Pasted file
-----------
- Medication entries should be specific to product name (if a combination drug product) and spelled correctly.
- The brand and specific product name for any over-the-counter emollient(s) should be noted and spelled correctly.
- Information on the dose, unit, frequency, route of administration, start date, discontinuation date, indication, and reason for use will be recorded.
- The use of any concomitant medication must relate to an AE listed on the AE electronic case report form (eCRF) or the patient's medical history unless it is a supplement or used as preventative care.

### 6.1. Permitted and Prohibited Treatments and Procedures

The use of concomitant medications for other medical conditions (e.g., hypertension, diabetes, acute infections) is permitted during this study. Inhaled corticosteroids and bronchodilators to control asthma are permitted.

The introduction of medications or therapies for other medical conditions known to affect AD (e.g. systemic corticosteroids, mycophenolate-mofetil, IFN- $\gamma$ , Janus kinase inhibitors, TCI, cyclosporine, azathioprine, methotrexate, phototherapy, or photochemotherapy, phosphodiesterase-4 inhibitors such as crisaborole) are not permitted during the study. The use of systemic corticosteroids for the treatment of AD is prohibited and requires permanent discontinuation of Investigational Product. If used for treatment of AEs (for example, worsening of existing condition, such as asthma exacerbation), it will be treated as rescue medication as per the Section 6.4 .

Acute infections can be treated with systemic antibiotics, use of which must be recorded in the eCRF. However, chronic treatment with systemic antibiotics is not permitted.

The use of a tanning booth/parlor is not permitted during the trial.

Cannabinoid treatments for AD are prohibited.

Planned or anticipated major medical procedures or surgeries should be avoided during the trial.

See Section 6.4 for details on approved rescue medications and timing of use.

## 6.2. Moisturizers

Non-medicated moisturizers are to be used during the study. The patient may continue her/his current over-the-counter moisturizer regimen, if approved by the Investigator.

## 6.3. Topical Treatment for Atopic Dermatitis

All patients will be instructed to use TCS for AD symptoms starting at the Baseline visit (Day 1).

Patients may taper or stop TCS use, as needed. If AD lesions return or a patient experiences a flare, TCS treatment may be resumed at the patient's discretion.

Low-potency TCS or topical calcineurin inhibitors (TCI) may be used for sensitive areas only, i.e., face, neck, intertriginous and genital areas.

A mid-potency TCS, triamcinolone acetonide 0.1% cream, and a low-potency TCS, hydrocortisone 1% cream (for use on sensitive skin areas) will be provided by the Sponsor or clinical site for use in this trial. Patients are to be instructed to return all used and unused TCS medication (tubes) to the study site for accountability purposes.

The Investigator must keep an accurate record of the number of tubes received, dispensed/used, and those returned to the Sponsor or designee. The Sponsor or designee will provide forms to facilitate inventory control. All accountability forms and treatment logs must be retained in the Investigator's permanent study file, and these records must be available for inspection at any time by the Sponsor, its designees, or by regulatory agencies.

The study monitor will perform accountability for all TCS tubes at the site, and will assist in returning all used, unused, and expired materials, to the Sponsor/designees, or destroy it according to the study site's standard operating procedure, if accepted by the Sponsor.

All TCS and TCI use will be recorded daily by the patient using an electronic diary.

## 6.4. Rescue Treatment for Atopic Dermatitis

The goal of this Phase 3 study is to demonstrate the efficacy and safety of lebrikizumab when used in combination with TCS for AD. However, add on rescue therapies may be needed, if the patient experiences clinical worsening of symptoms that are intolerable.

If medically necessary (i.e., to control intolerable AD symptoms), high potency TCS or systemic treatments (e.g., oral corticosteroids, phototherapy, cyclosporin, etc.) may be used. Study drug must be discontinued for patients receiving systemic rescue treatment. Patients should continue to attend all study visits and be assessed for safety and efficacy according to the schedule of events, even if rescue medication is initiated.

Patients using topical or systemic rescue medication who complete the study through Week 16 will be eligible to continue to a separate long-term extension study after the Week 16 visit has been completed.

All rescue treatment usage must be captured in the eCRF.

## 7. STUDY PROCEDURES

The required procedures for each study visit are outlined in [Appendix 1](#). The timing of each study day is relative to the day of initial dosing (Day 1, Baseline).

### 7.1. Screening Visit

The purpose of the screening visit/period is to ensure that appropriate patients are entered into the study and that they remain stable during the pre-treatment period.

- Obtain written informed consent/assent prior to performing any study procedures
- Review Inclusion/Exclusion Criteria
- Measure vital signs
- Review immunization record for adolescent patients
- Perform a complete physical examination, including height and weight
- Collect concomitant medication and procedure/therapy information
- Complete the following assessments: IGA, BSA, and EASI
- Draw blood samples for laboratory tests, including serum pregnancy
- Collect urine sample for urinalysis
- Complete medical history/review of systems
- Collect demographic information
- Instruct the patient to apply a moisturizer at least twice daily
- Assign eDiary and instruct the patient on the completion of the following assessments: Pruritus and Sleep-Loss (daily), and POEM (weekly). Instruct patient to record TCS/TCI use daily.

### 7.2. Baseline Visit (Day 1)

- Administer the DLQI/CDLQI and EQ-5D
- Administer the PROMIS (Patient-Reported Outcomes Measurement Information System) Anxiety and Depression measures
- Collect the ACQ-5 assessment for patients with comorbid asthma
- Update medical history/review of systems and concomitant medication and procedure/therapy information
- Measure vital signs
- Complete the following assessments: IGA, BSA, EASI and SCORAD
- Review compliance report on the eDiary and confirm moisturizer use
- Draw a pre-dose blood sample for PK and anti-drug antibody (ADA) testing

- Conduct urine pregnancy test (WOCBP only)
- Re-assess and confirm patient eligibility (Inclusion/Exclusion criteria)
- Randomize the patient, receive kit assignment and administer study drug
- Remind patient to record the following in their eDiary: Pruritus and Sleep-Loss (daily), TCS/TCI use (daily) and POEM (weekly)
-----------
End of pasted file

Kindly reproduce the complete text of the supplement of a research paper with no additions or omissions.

- Medication entries should be specific to product name (if a combination drug product) and spelled correctly.
- The brand and specific product name for any over-the-counter emollient(s) should be noted and spelled correctly.
- Information on the dose, unit, frequency, route of administration, start date, discontinuation date, indication, and reason for use will be recorded.
- The use of any concomitant medication must relate to an AE listed on the AE electronic case report form (eCRF) or the patient's medical history unless it is a supplement or used as preventative care.

### 6.1. Permitted and Prohibited Treatments and Procedures

The use of concomitant medications for other medical conditions (e.g., hypertension, diabetes, acute infections) is permitted during this study. Inhaled corticosteroids and bronchodilators to control asthma are permitted.

The introduction of medications or therapies for other medical conditions known to affect AD (e.g. systemic corticosteroids, mycophenolate-mofetil, IFN- $\gamma$ , Janus kinase inhibitors, TCI, cyclosporine, azathioprine, methotrexate, phototherapy, or photochemotherapy, phosphodiesterase-4 inhibitors such as crisaborole) are not permitted during the study. The use of systemic corticosteroids for the treatment of AD is prohibited and requires permanent discontinuation of Investigational Product. If used for treatment of AEs (for example, worsening of existing condition, such as asthma exacerbation), it will be treated as rescue medication as per the Section 6.4 .

Acute infections can be treated with systemic antibiotics, use of which must be recorded in the eCRF. However, chronic treatment with systemic antibiotics is not permitted.

The use of a tanning booth/parlor is not permitted during the trial.

Cannabinoid treatments for AD are prohibited.

Planned or anticipated major medical procedures or surgeries should be avoided during the trial.

See Section 6.4 for details on approved rescue medications and timing of use.

## 6.2. Moisturizers

Non-medicated moisturizers are to be used during the study. The patient may continue her/his current over-the-counter moisturizer regimen, if approved by the Investigator.

## 6.3. Topical Treatment for Atopic Dermatitis

All patients will be instructed to use TCS for AD symptoms starting at the Baseline visit (Day 1).

Patients may taper or stop TCS use, as needed. If AD lesions return or a patient experiences a flare, TCS treatment may be resumed at the patient's discretion.

Low-potency TCS or topical calcineurin inhibitors (TCI) may be used for sensitive areas only, i.e., face, neck, intertriginous and genital areas.

A mid-potency TCS, triamcinolone acetonide 0.1% cream, and a low-potency TCS, hydrocortisone 1% cream (for use on sensitive skin areas) will be provided by the Sponsor or clinical site for use in this trial. Patients are to be instructed to return all used and unused TCS medication (tubes) to the study site for accountability purposes.

The Investigator must keep an accurate record of the number of tubes received, dispensed/used, and those returned to the Sponsor or designee. The Sponsor or designee will provide forms to facilitate inventory control. All accountability forms and treatment logs must be retained in the Investigator's permanent study file, and these records must be available for inspection at any time by the Sponsor, its designees, or by regulatory agencies.

The study monitor will perform accountability for all TCS tubes at the site, and will assist in returning all used, unused, and expired materials, to the Sponsor/designees, or destroy it according to the study site's standard operating procedure, if accepted by the Sponsor.

All TCS and TCI use will be recorded daily by the patient using an electronic diary.

## 6.4. Rescue Treatment for Atopic Dermatitis

The goal of this Phase 3 study is to demonstrate the efficacy and safety of lebrikizumab when used in combination with TCS for AD. However, add on rescue therapies may be needed, if the patient experiences clinical worsening of symptoms that are intolerable.

If medically necessary (i.e., to control intolerable AD symptoms), high potency TCS or systemic treatments (e.g., oral corticosteroids, phototherapy, cyclosporin, etc.) may be used. Study drug must be discontinued for patients receiving systemic rescue treatment. Patients should continue to attend all study visits and be assessed for safety and efficacy according to the schedule of events, even if rescue medication is initiated.

Patients using topical or systemic rescue medication who complete the study through Week 16 will be eligible to continue to a separate long-term extension study after the Week 16 visit has been completed.

All rescue treatment usage must be captured in the eCRF.

## 7. STUDY PROCEDURES

The required procedures for each study visit are outlined in [Appendix 1](#). The timing of each study day is relative to the day of initial dosing (Day 1, Baseline).

### 7.1. Screening Visit

The purpose of the screening visit/period is to ensure that appropriate patients are entered into the study and that they remain stable during the pre-treatment period.

- Obtain written informed consent/assent prior to performing any study procedures
- Review Inclusion/Exclusion Criteria
- Measure vital signs
- Review immunization record for adolescent patients
- Perform a complete physical examination, including height and weight
- Collect concomitant medication and procedure/therapy information
- Complete the following assessments: IGA, BSA, and EASI
- Draw blood samples for laboratory tests, including serum pregnancy
- Collect urine sample for urinalysis
- Complete medical history/review of systems
- Collect demographic information
- Instruct the patient to apply a moisturizer at least twice daily
- Assign eDiary and instruct the patient on the completion of the following assessments: Pruritus and Sleep-Loss (daily), and POEM (weekly). Instruct patient to record TCS/TCI use daily.

### 7.2. Baseline Visit (Day 1)

- Administer the DLQI/CDLQI and EQ-5D
- Administer the PROMIS (Patient-Reported Outcomes Measurement Information System) Anxiety and Depression measures
- Collect the ACQ-5 assessment for patients with comorbid asthma
- Update medical history/review of systems and concomitant medication and procedure/therapy information
- Measure vital signs
- Complete the following assessments: IGA, BSA, EASI and SCORAD
- Review compliance report on the eDiary and confirm moisturizer use
- Draw a pre-dose blood sample for PK and anti-drug antibody (ADA) testing

- Conduct urine pregnancy test (WOCBP only)
- Re-assess and confirm patient eligibility (Inclusion/Exclusion criteria)
- Randomize the patient, receive kit assignment and administer study drug
- Remind patient to record the following in their eDiary: Pruritus and Sleep-Loss (daily), TCS/TCI use (daily) and POEM (weekly)